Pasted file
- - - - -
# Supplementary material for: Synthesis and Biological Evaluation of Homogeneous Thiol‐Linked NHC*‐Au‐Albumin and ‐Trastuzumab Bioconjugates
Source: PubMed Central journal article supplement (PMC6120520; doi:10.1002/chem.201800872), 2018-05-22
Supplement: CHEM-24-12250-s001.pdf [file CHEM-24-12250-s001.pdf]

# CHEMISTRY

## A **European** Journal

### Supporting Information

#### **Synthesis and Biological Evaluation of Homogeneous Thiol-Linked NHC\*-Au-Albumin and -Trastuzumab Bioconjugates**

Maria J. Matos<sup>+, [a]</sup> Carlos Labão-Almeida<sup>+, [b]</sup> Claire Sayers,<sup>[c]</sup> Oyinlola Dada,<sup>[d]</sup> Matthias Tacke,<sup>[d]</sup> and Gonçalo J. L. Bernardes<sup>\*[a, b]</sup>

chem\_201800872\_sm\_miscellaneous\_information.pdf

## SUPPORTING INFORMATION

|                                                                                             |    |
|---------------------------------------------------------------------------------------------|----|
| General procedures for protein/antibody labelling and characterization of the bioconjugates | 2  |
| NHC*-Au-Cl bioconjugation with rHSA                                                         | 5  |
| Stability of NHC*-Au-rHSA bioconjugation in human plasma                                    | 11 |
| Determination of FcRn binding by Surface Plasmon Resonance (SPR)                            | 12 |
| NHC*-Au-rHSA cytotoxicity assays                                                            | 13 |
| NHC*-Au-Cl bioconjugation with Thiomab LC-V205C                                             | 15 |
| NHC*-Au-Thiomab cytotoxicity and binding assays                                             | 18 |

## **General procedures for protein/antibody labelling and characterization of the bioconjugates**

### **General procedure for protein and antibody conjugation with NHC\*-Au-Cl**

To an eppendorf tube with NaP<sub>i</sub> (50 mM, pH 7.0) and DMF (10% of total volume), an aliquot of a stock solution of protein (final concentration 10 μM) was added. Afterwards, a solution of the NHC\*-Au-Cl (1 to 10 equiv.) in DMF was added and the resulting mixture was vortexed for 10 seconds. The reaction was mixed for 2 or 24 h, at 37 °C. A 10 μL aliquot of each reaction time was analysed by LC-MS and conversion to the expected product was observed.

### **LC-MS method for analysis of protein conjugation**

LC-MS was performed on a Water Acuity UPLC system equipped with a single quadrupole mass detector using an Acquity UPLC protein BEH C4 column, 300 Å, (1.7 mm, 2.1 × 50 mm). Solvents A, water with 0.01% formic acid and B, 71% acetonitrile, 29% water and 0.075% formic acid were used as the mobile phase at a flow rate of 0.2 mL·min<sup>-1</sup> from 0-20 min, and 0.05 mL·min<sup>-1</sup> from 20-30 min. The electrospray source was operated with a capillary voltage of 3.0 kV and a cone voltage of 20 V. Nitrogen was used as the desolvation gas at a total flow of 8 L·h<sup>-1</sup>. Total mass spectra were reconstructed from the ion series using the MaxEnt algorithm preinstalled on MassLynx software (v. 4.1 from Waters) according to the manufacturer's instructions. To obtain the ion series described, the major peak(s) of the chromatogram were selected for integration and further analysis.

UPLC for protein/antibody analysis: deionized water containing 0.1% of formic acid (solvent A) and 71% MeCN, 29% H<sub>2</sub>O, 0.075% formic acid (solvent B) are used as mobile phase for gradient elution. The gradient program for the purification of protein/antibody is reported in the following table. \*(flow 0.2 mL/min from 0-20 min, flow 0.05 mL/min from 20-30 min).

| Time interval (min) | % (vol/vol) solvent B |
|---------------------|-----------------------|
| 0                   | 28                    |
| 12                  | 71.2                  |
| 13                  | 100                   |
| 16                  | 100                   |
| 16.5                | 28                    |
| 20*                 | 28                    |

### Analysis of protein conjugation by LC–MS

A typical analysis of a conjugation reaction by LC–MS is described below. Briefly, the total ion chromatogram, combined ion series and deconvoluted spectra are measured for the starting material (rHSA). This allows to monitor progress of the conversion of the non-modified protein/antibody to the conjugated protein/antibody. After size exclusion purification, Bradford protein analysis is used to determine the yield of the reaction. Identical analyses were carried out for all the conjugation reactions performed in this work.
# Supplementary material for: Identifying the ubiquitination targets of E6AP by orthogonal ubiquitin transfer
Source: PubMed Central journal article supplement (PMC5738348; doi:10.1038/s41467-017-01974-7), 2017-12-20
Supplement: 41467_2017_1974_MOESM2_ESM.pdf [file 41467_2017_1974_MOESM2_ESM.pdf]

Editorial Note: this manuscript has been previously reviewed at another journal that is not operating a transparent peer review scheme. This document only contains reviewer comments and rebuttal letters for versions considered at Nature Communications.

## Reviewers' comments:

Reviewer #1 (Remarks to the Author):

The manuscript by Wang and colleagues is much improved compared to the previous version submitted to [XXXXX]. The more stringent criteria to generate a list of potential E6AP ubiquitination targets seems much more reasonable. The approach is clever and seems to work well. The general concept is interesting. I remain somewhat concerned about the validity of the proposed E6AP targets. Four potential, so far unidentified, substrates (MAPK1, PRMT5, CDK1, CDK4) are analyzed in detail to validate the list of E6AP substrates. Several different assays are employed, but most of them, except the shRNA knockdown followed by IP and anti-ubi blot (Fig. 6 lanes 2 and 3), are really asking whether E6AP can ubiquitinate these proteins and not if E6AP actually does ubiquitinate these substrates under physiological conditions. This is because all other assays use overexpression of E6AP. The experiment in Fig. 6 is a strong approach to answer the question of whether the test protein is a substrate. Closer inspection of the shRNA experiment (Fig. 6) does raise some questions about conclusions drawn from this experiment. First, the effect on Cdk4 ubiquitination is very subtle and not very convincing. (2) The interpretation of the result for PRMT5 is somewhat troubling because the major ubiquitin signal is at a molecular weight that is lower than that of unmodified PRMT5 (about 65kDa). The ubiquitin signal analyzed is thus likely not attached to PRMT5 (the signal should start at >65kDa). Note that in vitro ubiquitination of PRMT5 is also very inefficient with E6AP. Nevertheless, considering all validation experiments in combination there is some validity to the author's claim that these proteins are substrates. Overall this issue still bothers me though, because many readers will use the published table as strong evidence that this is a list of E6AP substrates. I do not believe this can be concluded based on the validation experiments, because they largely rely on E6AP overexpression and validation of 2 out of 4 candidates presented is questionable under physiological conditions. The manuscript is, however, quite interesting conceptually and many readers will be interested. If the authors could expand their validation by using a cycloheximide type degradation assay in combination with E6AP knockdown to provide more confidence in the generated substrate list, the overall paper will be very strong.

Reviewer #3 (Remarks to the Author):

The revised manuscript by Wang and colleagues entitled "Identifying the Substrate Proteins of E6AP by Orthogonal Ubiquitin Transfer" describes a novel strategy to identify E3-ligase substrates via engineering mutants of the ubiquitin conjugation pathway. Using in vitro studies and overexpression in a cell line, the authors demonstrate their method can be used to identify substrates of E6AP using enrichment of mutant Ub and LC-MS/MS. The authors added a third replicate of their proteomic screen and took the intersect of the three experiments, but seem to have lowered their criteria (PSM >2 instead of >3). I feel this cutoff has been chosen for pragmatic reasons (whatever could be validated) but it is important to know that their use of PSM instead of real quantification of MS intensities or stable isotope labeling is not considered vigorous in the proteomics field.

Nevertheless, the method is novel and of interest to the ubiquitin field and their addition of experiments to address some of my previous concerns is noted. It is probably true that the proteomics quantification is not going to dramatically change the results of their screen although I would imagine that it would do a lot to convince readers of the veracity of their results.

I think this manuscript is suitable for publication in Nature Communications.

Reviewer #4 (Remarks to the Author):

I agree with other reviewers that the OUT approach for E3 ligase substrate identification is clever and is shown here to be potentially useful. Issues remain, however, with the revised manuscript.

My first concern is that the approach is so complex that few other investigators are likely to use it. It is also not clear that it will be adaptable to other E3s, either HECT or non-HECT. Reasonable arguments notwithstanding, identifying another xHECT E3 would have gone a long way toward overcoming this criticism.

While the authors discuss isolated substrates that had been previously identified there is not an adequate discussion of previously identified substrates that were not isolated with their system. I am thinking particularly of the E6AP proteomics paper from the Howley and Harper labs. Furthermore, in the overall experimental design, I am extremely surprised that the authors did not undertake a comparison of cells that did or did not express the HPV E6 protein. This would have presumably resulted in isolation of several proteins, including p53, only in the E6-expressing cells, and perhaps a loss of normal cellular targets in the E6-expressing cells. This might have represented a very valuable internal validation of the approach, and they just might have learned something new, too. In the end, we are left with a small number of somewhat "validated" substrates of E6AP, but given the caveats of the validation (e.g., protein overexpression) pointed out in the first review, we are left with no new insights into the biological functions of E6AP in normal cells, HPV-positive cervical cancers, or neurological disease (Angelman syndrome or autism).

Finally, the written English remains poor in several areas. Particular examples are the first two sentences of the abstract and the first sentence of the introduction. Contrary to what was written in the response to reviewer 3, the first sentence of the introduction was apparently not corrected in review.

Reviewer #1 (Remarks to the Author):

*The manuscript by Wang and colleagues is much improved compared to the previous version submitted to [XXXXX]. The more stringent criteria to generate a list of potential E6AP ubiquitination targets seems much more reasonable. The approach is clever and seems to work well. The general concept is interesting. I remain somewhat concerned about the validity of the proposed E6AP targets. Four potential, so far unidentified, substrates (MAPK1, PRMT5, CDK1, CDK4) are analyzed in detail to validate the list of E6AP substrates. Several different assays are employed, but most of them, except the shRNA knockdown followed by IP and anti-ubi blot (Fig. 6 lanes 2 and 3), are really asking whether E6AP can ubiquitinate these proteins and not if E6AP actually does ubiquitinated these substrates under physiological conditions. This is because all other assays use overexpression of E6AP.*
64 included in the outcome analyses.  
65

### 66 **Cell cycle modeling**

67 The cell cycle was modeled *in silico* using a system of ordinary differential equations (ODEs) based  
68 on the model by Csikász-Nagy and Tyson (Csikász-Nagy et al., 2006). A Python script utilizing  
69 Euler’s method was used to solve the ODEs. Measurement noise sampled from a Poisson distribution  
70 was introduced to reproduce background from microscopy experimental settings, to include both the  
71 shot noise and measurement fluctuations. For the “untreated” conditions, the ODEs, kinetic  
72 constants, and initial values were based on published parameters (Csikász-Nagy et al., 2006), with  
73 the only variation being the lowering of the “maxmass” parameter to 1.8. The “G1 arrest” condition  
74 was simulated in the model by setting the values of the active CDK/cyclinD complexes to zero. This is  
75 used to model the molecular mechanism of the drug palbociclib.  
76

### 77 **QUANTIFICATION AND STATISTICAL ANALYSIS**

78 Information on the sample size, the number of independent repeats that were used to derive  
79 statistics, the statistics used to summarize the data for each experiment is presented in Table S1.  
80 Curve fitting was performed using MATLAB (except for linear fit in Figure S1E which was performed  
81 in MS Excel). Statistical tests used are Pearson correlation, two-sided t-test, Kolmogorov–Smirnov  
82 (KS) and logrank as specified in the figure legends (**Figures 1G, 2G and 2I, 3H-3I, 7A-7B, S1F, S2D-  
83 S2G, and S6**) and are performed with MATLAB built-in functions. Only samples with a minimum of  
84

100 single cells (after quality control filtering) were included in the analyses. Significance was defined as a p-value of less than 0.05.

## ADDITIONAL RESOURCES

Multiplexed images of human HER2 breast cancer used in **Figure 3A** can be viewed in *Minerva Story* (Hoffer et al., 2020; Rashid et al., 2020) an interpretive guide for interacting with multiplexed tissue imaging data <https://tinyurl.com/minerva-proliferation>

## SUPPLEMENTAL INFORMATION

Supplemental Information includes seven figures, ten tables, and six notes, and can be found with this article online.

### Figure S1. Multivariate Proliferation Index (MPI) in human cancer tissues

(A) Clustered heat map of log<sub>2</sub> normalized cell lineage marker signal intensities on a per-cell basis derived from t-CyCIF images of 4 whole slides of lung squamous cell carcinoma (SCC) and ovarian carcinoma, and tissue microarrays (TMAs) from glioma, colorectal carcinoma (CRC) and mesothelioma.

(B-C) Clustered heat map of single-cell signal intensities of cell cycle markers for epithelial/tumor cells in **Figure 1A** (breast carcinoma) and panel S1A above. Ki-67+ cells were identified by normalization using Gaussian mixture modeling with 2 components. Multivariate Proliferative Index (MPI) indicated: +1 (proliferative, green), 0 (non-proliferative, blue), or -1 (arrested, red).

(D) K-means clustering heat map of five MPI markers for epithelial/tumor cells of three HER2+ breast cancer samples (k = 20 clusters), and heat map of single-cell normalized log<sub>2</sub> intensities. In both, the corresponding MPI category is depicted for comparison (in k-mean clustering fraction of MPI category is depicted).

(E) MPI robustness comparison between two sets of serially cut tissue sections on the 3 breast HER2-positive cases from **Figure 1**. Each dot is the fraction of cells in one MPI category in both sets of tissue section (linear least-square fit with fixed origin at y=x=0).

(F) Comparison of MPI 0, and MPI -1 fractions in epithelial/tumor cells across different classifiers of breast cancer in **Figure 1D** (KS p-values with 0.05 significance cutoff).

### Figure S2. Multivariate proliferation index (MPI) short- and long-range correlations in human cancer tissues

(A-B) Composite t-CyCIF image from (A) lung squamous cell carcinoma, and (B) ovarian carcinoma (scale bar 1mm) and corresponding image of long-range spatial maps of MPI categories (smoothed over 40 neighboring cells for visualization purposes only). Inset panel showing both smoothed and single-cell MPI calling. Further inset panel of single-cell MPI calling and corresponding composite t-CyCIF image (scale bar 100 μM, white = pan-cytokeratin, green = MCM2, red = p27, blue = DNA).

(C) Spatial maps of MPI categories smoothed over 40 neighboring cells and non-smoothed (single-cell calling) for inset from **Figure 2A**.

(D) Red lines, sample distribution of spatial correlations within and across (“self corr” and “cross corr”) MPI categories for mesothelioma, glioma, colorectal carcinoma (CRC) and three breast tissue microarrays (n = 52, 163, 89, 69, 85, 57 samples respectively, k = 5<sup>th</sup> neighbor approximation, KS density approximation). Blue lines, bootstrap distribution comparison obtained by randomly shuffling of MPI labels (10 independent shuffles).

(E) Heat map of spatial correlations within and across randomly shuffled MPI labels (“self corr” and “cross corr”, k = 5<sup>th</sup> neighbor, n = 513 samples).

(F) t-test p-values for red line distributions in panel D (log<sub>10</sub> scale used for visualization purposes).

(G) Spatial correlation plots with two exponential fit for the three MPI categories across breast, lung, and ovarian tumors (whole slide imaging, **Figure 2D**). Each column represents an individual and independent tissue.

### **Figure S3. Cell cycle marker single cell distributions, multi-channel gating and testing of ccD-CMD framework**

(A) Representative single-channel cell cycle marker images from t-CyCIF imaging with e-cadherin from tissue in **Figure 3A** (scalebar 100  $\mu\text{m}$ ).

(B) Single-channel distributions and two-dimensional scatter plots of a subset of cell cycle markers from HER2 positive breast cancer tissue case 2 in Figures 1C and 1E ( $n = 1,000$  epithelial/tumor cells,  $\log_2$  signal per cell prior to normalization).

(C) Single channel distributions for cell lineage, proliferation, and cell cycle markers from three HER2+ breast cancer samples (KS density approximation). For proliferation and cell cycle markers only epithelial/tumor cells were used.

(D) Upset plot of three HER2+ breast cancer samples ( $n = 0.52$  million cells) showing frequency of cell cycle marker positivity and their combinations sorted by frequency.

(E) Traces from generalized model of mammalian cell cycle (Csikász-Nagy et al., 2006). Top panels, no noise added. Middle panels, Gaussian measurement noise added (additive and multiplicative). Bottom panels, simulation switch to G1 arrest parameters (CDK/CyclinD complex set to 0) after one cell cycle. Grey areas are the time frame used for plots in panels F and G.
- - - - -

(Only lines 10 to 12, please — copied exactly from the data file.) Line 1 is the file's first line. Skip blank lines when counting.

## SUPPORTING INFORMATION

|                                                                                             |    |
|---------------------------------------------------------------------------------------------|----|